REPORTS of pet cats and dogs catching covid-19 from their owners are mounting. They come as no surprise to virologist Gary Whittaker. For the past year, he has surveyed cats brought to a veterinary hospital around the corner from New York Presbyterian hospital in Manhattan’s affluent Upper East Side, which was ground zero for covid-19 in the US last spring. His unpublished findings suggest that around 15 to 20 per cent of pet cats in the area have antibodies for SARS-CoV-2, the virus that causes covid-19. “Cats are easily exposed,” says Whittaker. Yet most of them are doing fine, as are infected dogs. “What’s puzzling is that cats are dealing with it pretty well, but they can’t cope with their own coronavirus.”
It is alarming to think that we might pass SARS-CoV-2 to our pets. But most people are unaware that cats have coronavirus of their own. And they aren’t alone: coronaviruses commonly infect a range of domestic animals, including dogs, pigs, cattle and chickens. Yet, while SARS-CoV-2 has become probably the most scrutinised virus ever, very little attention has been paid to these other coronaviruses.
That is a missed opportunity because veterinary virologists have been studying them for decades. “Animal coronaviruses have lots to teach us about interspecies transmission, pathogenesis, immunity and vaccines,” says Linda Saif, an expert in coronaviruses of livestock at Ohio State University. This information could be extremely valuable as we try to work out where SARS-CoV-2 came from and where it might be headed, and vital in our efforts to learn how to live with this virus and try to avert new pandemics.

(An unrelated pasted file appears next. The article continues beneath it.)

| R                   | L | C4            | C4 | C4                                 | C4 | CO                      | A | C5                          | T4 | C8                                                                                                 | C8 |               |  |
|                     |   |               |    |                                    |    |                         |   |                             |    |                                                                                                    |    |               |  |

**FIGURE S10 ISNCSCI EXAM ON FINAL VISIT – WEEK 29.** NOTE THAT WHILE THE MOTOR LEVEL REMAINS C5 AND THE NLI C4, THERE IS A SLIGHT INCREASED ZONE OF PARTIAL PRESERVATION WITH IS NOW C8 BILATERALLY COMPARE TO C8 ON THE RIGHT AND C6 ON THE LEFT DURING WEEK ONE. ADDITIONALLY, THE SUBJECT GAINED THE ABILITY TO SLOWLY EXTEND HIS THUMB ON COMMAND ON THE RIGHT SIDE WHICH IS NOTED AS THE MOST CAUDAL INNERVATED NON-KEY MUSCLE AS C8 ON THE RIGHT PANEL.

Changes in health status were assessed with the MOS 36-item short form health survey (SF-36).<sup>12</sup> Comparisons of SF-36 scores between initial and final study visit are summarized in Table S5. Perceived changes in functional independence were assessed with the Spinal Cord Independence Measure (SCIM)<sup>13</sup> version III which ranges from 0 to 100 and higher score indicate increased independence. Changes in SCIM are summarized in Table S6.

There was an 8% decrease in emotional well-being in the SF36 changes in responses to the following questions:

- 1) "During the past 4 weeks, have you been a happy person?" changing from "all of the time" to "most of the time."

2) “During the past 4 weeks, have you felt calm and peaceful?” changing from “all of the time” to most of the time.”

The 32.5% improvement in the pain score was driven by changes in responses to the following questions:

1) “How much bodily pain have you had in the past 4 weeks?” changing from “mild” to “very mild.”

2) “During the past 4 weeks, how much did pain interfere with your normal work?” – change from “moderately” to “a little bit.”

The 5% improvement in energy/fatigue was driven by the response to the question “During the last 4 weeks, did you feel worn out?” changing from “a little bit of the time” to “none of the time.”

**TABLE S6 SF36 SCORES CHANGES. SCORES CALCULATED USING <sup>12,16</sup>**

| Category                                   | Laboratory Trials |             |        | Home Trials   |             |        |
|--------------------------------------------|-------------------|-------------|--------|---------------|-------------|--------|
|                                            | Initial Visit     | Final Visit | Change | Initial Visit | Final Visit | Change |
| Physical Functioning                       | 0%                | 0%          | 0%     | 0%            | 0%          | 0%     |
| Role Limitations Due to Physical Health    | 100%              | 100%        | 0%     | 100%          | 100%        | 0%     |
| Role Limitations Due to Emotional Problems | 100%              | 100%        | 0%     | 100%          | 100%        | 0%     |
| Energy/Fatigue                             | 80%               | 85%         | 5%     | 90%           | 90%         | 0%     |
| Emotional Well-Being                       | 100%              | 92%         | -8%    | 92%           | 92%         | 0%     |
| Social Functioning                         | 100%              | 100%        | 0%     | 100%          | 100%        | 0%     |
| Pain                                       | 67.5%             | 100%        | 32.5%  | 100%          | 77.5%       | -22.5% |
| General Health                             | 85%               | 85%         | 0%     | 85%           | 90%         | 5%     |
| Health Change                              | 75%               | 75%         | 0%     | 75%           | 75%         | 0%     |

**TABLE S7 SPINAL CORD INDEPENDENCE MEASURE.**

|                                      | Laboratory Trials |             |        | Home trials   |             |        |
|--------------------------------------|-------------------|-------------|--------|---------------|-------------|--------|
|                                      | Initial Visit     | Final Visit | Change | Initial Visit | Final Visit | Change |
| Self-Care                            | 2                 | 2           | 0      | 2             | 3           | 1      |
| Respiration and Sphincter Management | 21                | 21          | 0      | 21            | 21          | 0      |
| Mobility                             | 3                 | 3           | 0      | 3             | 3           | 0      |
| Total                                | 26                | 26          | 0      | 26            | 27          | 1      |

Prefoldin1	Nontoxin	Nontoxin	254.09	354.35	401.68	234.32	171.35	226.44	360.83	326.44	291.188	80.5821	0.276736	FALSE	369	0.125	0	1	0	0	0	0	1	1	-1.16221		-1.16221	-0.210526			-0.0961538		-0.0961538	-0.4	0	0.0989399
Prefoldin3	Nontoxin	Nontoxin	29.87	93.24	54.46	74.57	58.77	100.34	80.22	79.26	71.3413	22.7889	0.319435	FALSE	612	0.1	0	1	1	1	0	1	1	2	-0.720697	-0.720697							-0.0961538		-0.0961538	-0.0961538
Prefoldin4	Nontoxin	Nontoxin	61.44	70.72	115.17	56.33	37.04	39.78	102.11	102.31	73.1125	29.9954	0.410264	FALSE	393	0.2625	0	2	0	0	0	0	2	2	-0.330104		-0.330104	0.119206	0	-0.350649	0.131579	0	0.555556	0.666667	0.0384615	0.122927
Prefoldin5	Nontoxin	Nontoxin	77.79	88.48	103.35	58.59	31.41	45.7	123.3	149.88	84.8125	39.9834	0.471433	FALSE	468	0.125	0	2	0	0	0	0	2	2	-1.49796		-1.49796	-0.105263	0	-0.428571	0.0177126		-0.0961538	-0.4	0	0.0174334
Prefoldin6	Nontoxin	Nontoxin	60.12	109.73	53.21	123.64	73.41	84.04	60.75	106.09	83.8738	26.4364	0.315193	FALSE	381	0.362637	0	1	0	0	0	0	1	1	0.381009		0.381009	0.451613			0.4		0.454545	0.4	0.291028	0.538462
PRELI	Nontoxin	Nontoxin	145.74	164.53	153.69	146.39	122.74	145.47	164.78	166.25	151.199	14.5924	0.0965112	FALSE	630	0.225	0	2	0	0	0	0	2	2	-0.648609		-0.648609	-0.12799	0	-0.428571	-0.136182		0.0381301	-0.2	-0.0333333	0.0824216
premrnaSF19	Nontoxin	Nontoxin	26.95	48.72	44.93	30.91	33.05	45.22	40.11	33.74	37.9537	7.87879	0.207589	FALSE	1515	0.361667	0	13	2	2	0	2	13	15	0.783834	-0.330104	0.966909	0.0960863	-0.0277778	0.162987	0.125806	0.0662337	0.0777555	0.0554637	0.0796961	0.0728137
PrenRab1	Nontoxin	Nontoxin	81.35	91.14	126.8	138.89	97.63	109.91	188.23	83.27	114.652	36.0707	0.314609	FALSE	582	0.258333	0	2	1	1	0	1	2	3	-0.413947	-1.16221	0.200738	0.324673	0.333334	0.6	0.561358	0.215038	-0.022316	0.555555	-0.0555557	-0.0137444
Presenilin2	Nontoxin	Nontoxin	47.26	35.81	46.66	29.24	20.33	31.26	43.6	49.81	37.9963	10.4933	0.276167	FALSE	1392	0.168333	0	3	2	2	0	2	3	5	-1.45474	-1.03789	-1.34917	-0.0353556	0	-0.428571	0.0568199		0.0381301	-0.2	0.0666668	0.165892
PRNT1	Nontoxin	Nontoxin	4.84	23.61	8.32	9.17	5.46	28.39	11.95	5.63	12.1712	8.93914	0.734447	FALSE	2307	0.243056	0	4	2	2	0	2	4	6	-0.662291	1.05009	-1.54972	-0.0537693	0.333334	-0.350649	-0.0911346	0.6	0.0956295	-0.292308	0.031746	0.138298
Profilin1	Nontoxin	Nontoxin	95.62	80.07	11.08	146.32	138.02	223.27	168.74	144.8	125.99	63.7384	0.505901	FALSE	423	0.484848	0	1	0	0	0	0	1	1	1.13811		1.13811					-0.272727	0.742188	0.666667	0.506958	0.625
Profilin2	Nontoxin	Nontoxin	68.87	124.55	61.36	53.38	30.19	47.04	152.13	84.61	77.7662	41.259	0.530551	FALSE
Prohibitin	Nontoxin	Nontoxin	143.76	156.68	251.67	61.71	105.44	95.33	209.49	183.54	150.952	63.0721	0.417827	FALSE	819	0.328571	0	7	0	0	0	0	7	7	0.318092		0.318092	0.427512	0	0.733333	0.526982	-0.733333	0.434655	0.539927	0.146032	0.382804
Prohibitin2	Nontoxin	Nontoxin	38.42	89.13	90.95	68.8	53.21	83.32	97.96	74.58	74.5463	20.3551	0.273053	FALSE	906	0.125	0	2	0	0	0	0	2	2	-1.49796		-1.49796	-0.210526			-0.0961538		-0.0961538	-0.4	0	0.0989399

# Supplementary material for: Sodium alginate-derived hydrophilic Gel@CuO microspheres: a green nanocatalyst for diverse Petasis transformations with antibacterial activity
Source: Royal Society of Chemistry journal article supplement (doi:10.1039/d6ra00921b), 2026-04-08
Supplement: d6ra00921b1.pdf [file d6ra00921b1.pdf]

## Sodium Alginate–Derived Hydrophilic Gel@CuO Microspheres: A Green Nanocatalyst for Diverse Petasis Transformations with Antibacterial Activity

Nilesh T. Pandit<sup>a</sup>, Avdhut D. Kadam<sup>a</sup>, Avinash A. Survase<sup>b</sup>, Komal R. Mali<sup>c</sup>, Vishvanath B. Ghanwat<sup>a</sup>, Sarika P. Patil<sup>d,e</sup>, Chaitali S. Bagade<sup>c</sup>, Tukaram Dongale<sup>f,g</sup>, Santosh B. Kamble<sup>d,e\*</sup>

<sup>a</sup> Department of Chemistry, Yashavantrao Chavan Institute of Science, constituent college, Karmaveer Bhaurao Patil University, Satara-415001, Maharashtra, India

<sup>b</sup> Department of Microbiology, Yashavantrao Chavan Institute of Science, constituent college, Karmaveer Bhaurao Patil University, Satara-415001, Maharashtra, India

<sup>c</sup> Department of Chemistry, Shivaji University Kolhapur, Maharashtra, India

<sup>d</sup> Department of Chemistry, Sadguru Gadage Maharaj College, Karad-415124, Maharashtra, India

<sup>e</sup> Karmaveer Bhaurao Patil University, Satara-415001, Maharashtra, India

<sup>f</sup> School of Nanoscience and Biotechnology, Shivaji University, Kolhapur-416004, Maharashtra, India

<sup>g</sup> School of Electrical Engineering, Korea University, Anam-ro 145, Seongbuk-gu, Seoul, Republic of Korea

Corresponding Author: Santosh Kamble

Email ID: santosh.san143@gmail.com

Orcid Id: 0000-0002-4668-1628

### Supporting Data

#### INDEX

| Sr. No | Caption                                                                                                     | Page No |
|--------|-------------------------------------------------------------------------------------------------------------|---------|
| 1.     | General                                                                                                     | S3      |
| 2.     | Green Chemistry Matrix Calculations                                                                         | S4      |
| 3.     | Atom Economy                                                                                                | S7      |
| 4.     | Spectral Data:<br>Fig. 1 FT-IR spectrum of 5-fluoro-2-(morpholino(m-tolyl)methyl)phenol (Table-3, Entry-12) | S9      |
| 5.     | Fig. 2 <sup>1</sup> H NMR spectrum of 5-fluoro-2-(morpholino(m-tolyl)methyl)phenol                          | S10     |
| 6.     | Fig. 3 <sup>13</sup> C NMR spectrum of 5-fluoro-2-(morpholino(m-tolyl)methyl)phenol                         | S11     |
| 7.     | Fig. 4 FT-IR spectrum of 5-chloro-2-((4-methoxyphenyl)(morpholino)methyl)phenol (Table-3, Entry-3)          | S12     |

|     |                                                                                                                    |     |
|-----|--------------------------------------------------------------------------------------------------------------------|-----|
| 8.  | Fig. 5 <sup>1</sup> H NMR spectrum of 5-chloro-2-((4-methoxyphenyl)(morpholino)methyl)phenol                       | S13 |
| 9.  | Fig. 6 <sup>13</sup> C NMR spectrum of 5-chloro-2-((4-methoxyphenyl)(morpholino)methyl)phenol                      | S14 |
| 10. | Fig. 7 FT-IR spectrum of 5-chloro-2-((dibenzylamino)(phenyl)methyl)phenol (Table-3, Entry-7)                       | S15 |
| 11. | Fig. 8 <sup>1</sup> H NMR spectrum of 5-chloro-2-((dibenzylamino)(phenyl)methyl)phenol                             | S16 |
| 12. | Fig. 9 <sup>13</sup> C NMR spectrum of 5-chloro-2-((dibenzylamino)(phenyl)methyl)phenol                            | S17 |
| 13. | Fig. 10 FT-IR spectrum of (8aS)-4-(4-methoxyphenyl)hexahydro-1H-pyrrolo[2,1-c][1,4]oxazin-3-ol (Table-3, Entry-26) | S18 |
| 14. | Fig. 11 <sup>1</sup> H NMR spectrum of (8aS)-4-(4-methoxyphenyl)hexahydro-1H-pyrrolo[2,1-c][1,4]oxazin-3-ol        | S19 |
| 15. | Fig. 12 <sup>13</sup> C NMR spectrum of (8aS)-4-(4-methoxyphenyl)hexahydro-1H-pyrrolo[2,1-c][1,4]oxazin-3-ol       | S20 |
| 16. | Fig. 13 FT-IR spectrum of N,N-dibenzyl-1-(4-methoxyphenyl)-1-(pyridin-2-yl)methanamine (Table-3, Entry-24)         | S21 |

Coronaviruses are weird, promiscuous and flexible. They have the largest genome of any RNA viruses and a complex spike protein, which gives them a greater ability to evolve new forms and infect a wide variety of tissues and host species. They are also capable of rapid evolution because, while they mutate quite slowly – typically about 30 times a year – small changes in these viruses can have colossal effects.
Although coronaviruses use around a dozen proteins to evade their host’s immune system, it is the spike that makes them so adaptable. It consists of around 1300 amino acids, far more than is strictly necessary, and makes the essential manoeuvres to allow the virus to attach to and then fuse with a cell. “The thing about the spike is that it is very plastic,” says Whittaker, who is at Cornell University in New York. “It’s big and with that size comes power because it’s more able to adapt to situations and gain entry to cells.” This makes coronaviruses the master conjurors of the virus world.